GSA Annual Meeting in Indianapolis, Indiana, USA - 2018

Paper No. 123-5
Presentation Time: 2:30 PM


DEPALMA II, Robert A.1, GURCHE, Loren2, BURNHAM, David A.3, CHRISTOPHER, Matthew4, ATKINS-WELTMAN, Kyle3 and BOONE, Matthieu5, (1)Department of Geology, The University of Kansas, 1470 Jayhawk Blvd, Lawrence, KS 66045; Department of Geosciences, Florida Atlantic University, 777 Glades Road, Boca Raton, FL 33431, (2)Department of Geology, The University of Kansas, 1470 Jayhawk Blvd, Lawrence, KS 66045, (3)University of Kansas Biodiversity Institute, University of Kansas, 1345 Jayhawk Blvd., Lawrence, FL 66045, (4)Rocky Mountain Dinosaur Resource Center, Woodland Park, CO 80863, (5)Department of Physics and Astronomy, Ghent University, Gent, 9000, Belgium

Insects, among the most diverse macroscopic organisms, are key components in virtually every living terrestrial ecosystem, and provide nuanced paleoenvironmental information not afforded by sole focus on vertebrate communities. A unique and impactful subset, the parasitoids, afflict and parasitize a wide variety of hosts. Amber has historically provided the most precise and effective means of studying prehistoric insect taxa, because of its high preservation potential, however amber with observable inclusions is scarce in many geologic formations, and not evenly distributed through time. This is especially apparent in the late Maastrichtian Hell Creek Formation, which, after 100+ years of scientific research, yielded no amber insects until first reported in 20101. This prior deficiency had perpetuated a biased reconstruction of the Hell Creek ecology, which lacked the key insect component. Carrol2, using the methods of DePalma et al.1, successfully recovered a second ensemble of amber insects. Regrettably, however, peer-reviewed Hell Creek insect research has not progressed beyond the preliminary report from 2010. Here, we add to the known diversity of the Hell Creek insect fauna by reporting a new, parasitoid, member of the Diptera. The new insect compares favorably with the Pipunculidae, a Family hitherto known only as early as the Eocene, although molecular data suggests diversification in the Maastrichtian. Interestingly, the Hell Creek specimen was found in a block of amber containing multiple crane flies (Tipulidae), the exclusive host of the extant pipunculid Nephrocerus. The fossil association could support that the earliest Pipunculidae had a similar affinity for Tipulidae, helping to resolve the early ecology of the clade. Of greatest significance, the new amber insects are important in resolving the complexity of the hitherto-unknown Hell Creek insect fauna, and its integration with the rest of the contemporaneous ecology, immediately preceding the KPg extinction.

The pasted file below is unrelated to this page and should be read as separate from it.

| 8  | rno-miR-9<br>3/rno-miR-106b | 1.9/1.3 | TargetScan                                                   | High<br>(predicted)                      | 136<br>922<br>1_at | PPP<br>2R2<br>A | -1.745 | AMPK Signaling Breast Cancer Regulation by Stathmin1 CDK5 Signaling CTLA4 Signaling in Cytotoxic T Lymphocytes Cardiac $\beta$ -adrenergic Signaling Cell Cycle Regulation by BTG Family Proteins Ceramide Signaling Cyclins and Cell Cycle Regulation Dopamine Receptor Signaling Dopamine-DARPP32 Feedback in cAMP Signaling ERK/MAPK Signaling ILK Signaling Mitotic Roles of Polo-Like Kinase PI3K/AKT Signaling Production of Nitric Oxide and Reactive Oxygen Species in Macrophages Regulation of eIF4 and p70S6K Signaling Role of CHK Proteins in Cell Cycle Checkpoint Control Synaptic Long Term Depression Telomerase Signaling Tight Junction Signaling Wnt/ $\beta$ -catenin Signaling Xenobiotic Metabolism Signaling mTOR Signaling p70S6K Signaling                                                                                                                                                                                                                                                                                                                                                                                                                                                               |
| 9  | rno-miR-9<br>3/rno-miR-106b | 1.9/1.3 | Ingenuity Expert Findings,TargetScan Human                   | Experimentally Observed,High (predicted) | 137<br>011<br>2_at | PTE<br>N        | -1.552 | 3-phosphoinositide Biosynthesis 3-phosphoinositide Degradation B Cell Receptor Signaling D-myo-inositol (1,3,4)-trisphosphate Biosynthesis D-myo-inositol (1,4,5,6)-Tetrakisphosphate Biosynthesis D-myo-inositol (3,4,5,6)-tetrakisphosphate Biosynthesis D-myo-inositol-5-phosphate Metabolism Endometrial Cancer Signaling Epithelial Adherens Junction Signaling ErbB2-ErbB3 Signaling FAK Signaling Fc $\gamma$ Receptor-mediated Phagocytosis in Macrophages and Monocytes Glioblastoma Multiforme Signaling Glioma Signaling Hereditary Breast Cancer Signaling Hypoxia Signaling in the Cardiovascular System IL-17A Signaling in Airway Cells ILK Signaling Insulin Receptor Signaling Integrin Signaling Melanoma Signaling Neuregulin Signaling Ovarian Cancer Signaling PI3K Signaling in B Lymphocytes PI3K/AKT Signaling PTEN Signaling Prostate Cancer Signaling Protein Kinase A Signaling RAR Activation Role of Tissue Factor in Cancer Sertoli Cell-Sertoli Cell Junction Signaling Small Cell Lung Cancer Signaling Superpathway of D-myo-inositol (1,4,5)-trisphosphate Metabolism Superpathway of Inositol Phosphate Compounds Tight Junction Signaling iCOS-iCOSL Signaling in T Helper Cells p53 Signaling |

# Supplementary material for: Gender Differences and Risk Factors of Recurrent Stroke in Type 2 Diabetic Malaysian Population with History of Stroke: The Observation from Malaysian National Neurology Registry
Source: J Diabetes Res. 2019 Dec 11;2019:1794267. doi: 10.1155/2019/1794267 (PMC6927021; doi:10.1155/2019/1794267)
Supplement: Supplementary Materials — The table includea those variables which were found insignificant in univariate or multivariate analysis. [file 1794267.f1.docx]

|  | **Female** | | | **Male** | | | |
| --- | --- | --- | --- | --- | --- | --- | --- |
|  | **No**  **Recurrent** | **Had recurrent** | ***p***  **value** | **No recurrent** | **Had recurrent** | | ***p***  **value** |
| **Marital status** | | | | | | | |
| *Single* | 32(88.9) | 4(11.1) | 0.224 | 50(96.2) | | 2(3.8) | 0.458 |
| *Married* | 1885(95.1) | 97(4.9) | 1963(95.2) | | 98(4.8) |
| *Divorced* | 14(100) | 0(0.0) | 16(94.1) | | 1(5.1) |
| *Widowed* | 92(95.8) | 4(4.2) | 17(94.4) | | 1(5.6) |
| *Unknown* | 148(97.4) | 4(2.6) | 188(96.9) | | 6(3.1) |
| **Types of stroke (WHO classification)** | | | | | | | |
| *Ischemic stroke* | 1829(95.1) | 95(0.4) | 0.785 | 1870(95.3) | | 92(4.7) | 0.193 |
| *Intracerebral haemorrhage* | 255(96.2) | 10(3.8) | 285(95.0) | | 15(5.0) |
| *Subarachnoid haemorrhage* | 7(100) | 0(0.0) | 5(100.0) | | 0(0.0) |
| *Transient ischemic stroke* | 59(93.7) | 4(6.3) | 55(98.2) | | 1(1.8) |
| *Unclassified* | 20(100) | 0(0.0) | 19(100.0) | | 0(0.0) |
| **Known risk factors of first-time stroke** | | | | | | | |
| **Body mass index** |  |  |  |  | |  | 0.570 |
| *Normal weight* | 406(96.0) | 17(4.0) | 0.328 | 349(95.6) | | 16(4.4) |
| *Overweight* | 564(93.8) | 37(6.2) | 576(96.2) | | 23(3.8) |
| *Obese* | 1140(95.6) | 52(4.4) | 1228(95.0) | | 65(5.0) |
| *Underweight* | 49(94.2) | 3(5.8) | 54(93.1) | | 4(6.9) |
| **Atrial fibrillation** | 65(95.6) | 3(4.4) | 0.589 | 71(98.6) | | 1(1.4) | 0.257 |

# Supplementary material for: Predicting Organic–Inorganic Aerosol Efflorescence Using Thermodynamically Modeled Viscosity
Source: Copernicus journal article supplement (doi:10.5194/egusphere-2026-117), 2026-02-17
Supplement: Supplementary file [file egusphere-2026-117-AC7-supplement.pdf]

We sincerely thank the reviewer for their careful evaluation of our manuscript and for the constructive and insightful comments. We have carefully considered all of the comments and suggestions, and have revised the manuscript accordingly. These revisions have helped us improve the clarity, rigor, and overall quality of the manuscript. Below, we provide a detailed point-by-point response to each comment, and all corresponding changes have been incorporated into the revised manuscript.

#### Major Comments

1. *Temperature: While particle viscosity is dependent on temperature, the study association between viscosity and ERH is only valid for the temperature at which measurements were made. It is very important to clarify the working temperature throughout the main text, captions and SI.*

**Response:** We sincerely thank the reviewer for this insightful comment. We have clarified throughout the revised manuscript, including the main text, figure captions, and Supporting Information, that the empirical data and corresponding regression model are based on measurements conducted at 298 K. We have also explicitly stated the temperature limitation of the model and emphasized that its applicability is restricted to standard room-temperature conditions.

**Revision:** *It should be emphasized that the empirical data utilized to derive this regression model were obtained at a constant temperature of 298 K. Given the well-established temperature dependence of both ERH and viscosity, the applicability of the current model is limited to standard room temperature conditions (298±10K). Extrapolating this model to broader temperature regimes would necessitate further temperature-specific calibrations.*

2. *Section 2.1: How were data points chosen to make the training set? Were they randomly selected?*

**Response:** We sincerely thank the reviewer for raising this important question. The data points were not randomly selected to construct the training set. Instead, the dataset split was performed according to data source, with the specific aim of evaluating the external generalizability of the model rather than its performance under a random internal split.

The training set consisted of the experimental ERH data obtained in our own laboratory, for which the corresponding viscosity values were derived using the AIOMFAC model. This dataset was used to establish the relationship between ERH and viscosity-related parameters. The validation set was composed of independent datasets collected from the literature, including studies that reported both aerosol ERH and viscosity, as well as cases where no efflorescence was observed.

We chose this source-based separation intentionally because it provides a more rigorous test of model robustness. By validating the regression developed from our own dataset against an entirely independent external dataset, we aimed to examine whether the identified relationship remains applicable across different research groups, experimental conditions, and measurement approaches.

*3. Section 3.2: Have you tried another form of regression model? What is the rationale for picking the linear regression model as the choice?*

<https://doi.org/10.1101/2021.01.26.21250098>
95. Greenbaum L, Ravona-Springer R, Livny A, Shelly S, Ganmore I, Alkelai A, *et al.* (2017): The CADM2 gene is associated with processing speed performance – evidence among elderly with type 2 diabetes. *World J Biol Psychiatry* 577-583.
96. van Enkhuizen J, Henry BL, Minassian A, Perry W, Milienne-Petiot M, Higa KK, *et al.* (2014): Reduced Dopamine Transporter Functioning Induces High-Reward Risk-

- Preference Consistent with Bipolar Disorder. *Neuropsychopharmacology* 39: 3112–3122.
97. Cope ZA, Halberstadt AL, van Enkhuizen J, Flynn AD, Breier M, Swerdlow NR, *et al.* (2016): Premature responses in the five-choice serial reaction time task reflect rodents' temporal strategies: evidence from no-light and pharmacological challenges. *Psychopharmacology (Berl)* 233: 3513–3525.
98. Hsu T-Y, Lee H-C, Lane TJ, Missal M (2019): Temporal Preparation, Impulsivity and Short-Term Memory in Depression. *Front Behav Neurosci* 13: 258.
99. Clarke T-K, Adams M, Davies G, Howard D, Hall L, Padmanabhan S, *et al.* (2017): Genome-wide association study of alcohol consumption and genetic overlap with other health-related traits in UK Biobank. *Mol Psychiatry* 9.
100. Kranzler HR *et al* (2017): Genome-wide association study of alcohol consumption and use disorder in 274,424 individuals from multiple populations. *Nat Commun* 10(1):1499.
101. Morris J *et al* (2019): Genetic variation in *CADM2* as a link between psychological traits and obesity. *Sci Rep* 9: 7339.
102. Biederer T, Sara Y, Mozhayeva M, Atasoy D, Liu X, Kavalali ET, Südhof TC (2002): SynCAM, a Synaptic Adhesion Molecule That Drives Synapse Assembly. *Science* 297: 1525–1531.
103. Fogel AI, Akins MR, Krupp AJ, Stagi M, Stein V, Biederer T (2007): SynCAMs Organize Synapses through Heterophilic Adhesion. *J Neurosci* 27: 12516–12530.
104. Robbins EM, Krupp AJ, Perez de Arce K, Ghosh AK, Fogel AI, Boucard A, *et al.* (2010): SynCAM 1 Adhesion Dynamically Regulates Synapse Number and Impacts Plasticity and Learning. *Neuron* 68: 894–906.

1 DePalma, R., F. Cichocki, M. Dierick, and R. Feeney. 2010. Preliminary notes on the first recorded amber insects from the Hell Creek Formation. The Journal of Paleontological Sciences. JPS.C.10.0001.

2Carrol, N., 2016, Hell Creek amber: a new fossil archive prior to the K-Pg boundary, GSA Abstracts with programs 48(7)